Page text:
Adnyamathanha, the people of the rocks - songs, stories and Law

Ngarnangarrinha
The mountain formed by the male Arkurra or rainbow serpent. It's spoken of in the program as the mountain formed near Copley.

(Image: ABC Radio National - Pic: Liz Thompson)

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ABC Radio National 23 January 2015
Program: Earshot - Producer: Liz Thompson
Sound engineer: Russell Stapleton.

The stunning Northern Flinders Ranges Country belongs to the Adnyamathanha people. 'Adnya' means rock and 'mathana' means people - the Adnyamathana people are ‘the people of the rocks’.

Adnyamathanha songs, stories and Law are all part of the Yuramuda. This program is about the journey of one of the major Adnyamathanha Creation Ancestors, Yulu the Kingfisher Man. Yulu’s Coal, explores the travels of Yulu as he moved across Country, followed by two Arkurra , Giant Rainbow Serpents and why the coal mined at Leigh Creek Coal Mine today belongs, from an Adnyamathanha perspective, to Yulu, the Kingfisher Man.

In this audio report, we will move through Country with Senior Cultural Custodians learning about important features of the landscape brought into existence by these Ancestral Beings and why there are deep implications for the digging of Yulu’s Coal or Muda (Dreaming) from the ground.

Performance of Yulu's coal - From left to right, Arthur Brady, Noel Wilton and Brodie Wilton putting on a performance of Yulu's Coal at Leigh Creek Area School

(Image: ABC Radio National - Pic: Liz Thompson)

STORY CREDITS

Liz thanks Senior Adnyamathanha Cultural Custodian Cliff Coulthard who was deeply involved in all aspects of production of this program. Thanks also to cultural custodians Vince, Linda and Mick Coulthard and Gladys Wilton for their contributions and to Senior Adnyamathanha Custodian and linguist Terrence Coulthard for his invaluable contributions. Thanks go to Mick Coulthard and Noel Wilton for reading the story in language, Arthur Brady for his English language version, to Anne Marie Taranto and Nigel Carney, The Chapel, and Terry Fuchs and staff at Alinta Energy.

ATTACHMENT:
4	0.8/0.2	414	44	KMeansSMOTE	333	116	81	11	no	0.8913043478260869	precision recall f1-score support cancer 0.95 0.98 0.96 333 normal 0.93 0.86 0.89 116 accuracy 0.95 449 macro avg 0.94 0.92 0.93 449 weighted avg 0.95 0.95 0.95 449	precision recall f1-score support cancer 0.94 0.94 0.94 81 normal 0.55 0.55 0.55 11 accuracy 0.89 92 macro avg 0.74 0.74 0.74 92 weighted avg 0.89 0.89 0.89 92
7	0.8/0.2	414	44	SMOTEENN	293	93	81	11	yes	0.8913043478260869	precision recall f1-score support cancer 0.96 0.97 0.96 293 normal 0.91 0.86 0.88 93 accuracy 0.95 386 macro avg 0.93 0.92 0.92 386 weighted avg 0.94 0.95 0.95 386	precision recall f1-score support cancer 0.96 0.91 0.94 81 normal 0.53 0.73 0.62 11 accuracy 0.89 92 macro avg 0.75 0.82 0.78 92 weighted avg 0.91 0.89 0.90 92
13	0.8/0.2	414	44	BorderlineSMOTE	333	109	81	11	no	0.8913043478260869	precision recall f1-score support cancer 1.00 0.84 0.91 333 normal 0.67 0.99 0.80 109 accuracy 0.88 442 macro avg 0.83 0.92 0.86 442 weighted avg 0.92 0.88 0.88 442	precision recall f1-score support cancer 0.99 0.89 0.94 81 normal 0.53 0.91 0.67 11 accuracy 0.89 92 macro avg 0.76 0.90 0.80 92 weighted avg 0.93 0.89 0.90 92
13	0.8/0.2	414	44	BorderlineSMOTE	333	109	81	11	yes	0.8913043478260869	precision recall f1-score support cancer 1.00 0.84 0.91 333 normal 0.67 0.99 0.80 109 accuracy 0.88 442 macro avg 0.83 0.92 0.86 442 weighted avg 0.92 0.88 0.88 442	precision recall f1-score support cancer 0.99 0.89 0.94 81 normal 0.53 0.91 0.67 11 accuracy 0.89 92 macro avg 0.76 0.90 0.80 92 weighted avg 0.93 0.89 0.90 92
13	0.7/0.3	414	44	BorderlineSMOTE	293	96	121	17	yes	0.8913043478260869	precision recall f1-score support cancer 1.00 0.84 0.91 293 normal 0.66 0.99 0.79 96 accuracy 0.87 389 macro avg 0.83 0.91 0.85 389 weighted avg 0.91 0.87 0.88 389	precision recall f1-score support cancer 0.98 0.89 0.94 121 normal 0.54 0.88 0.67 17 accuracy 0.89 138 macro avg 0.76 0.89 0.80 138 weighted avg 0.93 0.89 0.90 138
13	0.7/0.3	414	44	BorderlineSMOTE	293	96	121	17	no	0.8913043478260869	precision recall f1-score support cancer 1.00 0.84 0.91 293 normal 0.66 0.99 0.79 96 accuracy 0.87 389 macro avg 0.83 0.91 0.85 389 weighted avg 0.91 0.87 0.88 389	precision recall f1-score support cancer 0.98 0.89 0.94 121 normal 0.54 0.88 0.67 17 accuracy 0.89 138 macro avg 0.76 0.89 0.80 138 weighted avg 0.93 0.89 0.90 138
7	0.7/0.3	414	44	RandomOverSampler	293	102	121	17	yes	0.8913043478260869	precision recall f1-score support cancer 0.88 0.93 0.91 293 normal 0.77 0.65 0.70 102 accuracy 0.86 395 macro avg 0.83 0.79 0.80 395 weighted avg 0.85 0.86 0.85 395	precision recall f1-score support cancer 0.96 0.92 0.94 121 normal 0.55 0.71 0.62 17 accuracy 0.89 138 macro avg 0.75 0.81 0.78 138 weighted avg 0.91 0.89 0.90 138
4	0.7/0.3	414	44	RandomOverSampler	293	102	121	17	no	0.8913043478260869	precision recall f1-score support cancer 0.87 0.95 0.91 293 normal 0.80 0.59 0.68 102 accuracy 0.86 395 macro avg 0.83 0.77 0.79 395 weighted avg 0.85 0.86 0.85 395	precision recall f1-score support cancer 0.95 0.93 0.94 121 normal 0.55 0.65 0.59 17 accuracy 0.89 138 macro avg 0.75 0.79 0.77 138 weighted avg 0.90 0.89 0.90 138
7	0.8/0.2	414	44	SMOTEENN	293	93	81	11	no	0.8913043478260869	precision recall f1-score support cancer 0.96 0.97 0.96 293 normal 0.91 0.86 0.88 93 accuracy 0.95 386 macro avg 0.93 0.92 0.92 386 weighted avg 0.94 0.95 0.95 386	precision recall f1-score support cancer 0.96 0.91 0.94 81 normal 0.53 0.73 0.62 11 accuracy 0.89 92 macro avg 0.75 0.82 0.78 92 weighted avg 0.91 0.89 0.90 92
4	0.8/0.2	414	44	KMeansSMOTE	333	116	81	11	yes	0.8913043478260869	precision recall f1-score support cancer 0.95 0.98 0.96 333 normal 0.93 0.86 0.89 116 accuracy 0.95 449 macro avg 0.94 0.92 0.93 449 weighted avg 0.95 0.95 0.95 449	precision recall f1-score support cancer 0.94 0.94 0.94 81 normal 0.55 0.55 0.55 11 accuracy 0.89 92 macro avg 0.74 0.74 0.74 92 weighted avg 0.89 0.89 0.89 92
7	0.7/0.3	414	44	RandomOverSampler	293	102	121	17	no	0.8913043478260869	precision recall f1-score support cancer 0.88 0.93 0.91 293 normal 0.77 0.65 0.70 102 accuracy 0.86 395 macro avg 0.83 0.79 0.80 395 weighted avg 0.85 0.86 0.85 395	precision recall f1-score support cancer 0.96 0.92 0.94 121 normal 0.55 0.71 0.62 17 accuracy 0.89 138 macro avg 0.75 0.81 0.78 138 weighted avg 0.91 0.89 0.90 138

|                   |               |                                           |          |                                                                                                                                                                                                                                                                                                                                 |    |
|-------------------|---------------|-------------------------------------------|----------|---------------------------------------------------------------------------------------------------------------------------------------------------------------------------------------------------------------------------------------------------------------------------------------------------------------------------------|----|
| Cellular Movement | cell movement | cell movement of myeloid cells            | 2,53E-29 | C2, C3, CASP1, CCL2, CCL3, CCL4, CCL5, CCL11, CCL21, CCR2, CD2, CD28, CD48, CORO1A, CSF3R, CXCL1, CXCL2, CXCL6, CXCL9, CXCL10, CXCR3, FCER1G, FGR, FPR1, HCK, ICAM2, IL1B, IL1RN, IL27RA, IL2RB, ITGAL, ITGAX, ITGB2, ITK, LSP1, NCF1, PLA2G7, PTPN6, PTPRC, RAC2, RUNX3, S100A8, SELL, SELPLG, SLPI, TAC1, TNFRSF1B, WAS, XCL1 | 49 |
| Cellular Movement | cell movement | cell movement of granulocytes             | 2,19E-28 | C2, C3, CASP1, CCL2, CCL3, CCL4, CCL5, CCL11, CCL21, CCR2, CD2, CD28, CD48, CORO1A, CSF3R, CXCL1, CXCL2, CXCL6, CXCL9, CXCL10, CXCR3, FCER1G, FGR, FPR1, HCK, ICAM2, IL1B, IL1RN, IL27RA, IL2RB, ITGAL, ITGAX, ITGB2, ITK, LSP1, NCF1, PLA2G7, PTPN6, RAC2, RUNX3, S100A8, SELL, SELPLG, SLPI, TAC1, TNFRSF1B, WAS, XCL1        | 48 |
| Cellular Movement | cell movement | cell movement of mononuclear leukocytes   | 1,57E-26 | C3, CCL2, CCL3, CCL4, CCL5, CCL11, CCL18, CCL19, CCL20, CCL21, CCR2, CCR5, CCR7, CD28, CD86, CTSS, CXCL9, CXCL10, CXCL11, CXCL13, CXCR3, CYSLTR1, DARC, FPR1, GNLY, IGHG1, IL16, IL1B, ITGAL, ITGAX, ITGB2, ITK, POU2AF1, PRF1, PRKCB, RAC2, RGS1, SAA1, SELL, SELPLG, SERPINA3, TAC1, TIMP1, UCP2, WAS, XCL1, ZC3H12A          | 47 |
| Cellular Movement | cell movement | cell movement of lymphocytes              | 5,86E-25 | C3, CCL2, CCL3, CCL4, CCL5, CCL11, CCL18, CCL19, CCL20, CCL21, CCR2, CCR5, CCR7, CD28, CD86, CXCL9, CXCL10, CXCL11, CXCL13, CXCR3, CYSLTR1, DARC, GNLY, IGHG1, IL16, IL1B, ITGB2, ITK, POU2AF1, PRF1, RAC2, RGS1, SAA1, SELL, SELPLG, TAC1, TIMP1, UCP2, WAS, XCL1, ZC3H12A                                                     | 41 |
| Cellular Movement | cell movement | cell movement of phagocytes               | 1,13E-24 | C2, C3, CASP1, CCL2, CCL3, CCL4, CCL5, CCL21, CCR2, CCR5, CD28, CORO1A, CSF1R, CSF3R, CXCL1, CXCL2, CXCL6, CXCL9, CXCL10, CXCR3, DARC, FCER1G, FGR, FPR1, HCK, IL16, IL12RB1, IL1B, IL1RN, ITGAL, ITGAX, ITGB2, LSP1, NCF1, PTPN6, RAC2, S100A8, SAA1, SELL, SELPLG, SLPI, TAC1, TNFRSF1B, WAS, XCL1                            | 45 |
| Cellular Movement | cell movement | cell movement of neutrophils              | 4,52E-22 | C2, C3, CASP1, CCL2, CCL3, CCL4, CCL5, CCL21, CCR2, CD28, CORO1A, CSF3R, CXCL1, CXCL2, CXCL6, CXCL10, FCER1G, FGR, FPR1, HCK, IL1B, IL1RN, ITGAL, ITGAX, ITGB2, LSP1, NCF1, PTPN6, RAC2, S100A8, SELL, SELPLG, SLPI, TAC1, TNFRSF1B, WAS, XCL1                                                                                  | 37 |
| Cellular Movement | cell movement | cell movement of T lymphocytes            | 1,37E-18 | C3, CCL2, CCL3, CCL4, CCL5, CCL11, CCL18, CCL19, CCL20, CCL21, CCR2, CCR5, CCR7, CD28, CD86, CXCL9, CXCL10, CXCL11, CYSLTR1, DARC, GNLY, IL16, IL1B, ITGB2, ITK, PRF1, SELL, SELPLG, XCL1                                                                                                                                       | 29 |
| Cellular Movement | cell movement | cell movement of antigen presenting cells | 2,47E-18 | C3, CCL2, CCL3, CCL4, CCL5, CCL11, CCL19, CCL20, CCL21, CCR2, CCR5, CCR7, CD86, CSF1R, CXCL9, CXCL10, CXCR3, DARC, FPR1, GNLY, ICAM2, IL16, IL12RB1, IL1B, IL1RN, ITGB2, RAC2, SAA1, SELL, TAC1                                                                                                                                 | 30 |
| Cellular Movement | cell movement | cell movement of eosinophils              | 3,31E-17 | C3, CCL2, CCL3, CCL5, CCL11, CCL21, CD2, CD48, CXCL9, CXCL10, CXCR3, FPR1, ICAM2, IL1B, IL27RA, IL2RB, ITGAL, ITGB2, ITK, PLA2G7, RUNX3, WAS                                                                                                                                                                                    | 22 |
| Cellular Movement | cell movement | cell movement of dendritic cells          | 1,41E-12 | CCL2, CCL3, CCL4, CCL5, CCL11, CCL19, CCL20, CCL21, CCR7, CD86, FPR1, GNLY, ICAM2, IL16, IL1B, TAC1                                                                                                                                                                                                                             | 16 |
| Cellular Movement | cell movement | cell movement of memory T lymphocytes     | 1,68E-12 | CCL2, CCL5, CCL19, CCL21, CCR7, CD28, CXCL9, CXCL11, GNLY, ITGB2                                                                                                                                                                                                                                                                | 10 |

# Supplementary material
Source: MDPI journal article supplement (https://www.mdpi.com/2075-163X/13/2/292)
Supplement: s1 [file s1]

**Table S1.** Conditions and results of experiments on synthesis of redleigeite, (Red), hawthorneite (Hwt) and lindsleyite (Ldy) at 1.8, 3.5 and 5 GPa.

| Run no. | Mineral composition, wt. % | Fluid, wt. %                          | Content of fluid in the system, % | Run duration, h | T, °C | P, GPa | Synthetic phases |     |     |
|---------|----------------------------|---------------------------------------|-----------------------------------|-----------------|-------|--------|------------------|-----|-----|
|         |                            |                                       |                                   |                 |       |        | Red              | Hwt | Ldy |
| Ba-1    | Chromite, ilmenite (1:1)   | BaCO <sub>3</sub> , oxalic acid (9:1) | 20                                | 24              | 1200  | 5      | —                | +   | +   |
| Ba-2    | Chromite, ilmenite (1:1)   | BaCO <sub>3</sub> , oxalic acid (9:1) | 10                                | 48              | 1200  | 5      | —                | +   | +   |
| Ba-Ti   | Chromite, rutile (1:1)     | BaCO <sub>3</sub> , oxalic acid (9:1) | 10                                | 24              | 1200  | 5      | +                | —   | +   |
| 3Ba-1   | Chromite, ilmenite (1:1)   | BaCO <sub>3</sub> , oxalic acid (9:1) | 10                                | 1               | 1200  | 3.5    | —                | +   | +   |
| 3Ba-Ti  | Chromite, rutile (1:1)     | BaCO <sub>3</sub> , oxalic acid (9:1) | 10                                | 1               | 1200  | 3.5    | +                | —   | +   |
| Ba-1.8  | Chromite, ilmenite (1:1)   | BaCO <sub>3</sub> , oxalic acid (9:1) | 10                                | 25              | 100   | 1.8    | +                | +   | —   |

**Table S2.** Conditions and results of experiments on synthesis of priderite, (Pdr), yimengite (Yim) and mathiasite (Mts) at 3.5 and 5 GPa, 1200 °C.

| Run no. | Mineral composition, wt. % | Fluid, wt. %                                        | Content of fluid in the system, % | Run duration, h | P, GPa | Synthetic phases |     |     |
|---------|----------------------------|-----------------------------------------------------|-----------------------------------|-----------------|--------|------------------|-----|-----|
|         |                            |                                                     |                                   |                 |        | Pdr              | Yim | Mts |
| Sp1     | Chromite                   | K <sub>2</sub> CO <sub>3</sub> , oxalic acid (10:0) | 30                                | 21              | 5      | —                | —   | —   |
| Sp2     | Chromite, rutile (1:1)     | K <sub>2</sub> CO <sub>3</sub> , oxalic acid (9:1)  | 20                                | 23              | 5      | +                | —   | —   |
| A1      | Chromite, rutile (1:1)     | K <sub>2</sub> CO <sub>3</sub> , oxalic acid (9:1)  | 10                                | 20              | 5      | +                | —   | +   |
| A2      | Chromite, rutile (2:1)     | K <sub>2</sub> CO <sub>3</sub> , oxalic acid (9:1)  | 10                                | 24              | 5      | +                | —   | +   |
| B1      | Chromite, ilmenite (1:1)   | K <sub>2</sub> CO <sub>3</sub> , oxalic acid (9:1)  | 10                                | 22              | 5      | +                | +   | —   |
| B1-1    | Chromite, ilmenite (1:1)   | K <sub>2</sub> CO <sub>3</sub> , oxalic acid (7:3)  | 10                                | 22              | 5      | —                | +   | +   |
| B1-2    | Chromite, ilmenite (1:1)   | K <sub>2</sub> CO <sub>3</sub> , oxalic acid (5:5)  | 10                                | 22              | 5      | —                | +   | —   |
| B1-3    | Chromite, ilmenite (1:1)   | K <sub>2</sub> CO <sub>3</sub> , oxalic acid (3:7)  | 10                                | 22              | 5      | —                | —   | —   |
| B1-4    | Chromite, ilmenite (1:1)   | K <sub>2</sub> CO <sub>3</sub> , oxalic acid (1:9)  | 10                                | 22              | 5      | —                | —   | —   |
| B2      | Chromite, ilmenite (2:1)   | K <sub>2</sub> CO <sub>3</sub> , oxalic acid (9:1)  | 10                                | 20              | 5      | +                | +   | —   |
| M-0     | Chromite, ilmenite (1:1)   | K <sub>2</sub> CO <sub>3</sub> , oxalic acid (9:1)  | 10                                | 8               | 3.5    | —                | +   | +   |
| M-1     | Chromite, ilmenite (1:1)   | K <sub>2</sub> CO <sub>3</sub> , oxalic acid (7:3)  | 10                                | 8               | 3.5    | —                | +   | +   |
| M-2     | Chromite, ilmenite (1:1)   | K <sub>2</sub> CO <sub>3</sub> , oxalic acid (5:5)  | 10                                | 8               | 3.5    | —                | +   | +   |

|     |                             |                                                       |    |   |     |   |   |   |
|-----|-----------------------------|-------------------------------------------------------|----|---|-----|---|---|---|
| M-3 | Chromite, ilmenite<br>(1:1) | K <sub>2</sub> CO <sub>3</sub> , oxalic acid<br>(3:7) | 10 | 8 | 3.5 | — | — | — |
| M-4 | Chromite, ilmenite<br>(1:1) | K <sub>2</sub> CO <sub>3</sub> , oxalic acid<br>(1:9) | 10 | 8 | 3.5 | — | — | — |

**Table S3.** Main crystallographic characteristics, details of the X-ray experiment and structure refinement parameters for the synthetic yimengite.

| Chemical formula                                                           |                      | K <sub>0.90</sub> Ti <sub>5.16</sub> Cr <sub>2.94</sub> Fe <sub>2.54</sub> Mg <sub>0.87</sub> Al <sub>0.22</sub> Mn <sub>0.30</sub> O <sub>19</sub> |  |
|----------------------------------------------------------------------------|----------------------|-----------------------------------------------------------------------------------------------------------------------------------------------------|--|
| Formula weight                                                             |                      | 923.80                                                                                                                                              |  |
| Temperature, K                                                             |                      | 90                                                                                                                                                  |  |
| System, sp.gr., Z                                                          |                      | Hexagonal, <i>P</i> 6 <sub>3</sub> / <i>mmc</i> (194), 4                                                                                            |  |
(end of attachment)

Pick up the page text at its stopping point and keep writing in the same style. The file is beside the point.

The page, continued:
'Amazing Grace' was sung in Adnyamathanha by Aunty Lily Neville and recorded at Umeewarra Radio Station. Additional sound elements by Nathan May and Doug Petherick at the Centre for Aboriginal Studies in Music at the University of Adelaide.

The Yulu’s Coal song was performed by Terrence Coulthard and written by Terrence and Cliff Coulthard and Buck McKenzie.
The Welcome Song was performed by Terrence Coulthard and written by Uncle Leo Coulthard, Auntie Shirley Coulthard, Josephine Coulthard and Terrence Coulthard for the Adnyamathanha Women's choir in 1997.

Original recordings by Taz Miller and Liz Thompson, assisted by Gavin Spokes.

Further Information
Umeewarra Radio
South Australia’s only Aboriginal Radio Station
Iga Warta Aboriginal Corporation
Sharing Stories on Facebook
SharingStories and the Adnyamathanha Community at the Children’s Come Out Festival
Liz Thompson and SharingStories Foundation are collaborating with the Adnyamathanha community as part of the Children's Come Out Festival at the Adelaide Festival in an event to take place in the Festival Theatre Foyer 22nd-29th May
Sharing Our Stories
If you’d like to follow SharingStories Foundation on Facebook and learn more about Yulu’s Coal and other projects undertaken by the foundation
Centre for Aboriginal Studies in Music (CASM) at the University of Adelaide
Specialist Australian Indigenous music centre located within the Elder Conservatorium of Music at the University of Adelaide